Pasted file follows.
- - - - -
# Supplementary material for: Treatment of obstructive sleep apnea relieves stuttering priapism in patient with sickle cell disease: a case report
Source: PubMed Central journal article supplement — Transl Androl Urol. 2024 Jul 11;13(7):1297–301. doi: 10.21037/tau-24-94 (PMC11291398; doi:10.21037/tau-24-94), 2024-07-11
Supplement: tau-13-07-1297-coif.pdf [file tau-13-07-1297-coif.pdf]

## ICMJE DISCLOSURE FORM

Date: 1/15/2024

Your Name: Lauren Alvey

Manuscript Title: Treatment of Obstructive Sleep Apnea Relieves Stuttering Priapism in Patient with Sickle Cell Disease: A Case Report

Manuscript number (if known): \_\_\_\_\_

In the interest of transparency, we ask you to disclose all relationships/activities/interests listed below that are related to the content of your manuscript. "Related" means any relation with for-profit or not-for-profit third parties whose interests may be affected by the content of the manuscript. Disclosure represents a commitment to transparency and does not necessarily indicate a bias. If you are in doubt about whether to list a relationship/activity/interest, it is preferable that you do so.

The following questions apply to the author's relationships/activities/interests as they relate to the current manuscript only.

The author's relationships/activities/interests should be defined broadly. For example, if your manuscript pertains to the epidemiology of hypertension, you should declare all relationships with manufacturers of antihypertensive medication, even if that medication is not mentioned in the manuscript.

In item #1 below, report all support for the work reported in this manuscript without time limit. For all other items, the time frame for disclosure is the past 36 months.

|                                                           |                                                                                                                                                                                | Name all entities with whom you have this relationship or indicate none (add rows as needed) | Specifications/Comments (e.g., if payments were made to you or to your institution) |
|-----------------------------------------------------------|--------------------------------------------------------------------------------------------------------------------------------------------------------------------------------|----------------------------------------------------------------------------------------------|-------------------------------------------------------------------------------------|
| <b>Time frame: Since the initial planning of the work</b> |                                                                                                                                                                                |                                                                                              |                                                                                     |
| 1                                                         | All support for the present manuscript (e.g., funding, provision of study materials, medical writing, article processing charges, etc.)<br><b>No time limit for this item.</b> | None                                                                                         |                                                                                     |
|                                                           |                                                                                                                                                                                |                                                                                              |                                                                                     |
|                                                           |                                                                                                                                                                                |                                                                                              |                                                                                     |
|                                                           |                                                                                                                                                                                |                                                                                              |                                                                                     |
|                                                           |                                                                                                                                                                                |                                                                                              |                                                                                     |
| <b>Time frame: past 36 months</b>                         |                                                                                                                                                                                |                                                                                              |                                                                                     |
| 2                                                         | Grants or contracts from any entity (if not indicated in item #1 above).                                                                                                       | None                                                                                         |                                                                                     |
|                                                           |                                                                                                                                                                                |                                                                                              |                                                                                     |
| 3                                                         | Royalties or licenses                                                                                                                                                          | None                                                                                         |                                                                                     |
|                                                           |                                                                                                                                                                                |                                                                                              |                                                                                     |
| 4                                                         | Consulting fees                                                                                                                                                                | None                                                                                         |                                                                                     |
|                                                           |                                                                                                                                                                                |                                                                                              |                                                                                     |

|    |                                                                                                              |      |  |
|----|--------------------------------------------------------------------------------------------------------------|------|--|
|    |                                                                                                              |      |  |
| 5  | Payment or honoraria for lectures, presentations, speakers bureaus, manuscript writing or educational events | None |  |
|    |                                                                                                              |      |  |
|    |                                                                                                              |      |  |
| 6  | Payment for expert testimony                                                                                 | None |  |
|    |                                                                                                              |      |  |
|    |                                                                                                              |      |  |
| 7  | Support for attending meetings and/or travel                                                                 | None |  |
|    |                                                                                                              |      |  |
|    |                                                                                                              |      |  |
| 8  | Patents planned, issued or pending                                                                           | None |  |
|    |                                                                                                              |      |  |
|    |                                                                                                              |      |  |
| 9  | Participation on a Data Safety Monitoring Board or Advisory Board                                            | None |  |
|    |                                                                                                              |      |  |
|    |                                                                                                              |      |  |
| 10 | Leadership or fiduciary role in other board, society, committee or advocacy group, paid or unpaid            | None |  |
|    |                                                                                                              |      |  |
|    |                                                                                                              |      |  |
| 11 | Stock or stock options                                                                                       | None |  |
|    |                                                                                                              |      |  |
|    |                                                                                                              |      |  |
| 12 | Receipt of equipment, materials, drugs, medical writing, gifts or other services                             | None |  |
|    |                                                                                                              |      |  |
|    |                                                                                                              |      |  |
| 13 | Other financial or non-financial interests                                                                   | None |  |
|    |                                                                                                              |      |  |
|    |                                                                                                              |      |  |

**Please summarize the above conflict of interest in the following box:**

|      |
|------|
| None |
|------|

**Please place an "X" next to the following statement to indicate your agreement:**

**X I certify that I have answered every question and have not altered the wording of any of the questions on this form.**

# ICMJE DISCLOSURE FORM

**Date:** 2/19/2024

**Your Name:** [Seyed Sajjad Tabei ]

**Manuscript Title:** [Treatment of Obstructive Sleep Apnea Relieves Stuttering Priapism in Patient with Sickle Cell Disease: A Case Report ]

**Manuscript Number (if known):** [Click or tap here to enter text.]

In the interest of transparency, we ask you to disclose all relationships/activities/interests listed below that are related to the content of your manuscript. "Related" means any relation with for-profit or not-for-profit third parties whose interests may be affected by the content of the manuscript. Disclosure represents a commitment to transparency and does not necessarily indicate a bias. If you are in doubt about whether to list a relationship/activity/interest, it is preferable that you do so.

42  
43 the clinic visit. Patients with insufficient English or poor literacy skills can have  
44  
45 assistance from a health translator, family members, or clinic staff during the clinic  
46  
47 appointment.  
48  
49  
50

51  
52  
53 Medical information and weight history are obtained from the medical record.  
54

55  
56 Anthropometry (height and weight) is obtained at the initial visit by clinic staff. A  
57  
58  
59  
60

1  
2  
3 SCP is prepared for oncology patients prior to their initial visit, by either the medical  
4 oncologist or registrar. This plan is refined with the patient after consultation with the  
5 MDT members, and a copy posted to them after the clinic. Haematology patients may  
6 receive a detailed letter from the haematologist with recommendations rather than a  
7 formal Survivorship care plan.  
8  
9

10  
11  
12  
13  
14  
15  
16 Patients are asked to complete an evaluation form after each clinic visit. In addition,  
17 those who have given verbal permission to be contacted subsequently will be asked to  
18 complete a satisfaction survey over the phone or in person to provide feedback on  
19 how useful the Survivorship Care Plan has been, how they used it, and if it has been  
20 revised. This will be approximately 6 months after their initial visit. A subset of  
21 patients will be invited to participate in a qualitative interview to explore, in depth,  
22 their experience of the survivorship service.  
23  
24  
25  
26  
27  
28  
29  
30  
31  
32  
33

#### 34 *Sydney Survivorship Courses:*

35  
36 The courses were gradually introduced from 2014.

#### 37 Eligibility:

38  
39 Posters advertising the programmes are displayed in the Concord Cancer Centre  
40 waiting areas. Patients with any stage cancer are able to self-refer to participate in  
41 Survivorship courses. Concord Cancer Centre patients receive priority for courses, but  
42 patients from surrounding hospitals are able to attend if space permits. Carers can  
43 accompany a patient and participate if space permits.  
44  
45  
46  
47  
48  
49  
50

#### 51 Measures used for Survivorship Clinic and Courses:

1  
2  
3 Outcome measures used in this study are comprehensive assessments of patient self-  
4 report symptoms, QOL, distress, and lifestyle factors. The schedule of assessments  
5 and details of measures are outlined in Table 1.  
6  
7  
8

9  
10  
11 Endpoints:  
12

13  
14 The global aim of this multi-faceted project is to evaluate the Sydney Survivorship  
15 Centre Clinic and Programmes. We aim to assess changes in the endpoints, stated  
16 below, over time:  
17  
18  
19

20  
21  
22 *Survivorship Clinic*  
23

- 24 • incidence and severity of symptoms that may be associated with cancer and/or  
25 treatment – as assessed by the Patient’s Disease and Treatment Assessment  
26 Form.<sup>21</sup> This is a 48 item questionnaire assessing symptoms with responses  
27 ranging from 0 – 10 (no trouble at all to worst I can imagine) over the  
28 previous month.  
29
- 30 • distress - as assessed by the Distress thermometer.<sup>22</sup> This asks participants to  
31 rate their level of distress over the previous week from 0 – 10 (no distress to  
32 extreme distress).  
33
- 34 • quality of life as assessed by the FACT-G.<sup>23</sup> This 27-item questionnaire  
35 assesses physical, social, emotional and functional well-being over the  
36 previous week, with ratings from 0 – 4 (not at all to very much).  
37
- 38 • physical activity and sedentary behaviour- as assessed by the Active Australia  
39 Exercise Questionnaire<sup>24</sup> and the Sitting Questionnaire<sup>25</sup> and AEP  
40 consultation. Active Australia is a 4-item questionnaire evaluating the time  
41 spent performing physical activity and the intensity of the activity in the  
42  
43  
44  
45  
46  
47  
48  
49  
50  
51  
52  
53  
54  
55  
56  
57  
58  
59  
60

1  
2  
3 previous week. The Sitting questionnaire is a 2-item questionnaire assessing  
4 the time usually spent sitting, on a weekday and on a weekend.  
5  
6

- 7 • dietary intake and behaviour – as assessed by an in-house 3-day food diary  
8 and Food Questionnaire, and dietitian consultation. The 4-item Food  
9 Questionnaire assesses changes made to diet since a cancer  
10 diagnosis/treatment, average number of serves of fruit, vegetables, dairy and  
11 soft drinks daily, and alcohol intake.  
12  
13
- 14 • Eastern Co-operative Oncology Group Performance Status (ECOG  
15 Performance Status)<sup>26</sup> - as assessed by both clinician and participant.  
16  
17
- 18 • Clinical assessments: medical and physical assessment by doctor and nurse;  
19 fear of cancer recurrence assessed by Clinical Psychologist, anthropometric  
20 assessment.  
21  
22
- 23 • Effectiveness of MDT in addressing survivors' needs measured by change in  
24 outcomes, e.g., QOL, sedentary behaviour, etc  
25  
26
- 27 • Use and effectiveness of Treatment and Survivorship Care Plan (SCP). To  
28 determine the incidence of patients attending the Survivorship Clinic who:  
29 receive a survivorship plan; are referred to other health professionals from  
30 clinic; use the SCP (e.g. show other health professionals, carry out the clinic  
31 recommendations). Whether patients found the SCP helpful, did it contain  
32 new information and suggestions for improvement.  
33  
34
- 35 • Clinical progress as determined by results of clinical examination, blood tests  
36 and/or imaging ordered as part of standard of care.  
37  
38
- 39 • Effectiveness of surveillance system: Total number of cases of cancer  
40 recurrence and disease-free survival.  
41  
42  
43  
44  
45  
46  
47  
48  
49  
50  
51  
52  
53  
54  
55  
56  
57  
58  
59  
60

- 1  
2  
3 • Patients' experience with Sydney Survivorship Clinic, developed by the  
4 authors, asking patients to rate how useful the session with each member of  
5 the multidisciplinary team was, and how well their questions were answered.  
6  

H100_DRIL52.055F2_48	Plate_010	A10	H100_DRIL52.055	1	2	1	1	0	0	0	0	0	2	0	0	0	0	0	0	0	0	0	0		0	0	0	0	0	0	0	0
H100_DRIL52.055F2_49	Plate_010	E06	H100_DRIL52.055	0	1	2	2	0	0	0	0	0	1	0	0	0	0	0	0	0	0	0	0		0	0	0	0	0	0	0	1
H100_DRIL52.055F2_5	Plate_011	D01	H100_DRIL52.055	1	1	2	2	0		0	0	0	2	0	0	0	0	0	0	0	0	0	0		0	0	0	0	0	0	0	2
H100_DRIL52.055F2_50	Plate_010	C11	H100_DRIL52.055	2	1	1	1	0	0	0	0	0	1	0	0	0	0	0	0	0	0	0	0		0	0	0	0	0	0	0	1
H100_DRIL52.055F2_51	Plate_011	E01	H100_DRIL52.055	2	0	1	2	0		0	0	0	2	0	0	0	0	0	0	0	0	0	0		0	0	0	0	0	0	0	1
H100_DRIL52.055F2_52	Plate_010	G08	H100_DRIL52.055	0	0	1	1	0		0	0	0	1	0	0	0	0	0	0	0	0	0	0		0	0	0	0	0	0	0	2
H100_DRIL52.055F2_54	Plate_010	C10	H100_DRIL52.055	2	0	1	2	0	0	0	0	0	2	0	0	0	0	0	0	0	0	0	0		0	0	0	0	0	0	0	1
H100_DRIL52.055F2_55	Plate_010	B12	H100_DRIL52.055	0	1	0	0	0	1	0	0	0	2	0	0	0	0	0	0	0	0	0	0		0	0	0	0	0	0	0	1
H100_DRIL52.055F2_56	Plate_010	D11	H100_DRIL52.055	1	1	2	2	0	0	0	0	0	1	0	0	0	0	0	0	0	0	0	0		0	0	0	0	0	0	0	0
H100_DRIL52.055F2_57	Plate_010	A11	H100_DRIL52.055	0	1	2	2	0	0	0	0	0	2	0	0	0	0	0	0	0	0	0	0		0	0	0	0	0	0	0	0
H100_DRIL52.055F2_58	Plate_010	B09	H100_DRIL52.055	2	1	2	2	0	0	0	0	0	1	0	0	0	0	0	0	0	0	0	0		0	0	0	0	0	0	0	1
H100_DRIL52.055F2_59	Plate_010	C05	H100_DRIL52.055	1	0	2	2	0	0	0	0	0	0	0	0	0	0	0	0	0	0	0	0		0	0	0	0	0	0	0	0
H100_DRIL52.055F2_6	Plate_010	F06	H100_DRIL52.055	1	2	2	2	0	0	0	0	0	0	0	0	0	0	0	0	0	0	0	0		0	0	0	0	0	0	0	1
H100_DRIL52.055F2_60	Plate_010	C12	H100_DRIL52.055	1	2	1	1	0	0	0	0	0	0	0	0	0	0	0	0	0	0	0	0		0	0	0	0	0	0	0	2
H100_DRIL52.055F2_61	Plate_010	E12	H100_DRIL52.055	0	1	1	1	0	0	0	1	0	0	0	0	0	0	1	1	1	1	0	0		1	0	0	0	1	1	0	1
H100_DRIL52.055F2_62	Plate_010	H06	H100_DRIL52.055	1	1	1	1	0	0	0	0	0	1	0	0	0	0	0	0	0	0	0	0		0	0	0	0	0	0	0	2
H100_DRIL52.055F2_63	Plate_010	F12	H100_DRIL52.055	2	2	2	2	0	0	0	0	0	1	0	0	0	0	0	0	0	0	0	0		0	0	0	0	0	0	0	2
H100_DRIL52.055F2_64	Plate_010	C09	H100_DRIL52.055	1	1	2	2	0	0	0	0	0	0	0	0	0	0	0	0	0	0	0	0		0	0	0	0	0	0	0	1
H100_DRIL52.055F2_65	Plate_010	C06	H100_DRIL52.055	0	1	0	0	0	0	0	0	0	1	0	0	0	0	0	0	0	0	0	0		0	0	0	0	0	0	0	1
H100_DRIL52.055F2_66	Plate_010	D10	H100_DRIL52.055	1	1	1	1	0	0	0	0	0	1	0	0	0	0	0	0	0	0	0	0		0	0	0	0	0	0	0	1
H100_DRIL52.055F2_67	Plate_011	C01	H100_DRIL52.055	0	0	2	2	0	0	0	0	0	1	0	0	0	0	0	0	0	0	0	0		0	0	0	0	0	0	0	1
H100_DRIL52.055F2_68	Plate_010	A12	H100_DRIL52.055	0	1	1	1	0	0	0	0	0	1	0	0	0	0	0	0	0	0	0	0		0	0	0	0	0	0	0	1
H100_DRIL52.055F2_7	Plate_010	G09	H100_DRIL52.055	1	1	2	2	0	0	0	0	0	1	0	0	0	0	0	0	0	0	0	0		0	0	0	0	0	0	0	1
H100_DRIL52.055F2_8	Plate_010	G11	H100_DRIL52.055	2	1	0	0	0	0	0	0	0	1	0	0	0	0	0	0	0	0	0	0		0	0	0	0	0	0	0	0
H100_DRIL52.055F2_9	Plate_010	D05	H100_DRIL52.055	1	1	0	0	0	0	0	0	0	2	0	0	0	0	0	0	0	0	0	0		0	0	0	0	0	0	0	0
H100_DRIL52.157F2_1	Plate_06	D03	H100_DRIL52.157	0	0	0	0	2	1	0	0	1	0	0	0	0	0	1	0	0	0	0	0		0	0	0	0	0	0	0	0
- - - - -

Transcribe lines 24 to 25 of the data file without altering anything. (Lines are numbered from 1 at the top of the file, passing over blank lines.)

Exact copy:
| 3                                                         | Royalties or licenses                                                                                                                                                          | None                                                                                         |                                                                                     |
|                                                           |                                                                                                                                                                                |                                                                                              |                                                                                     |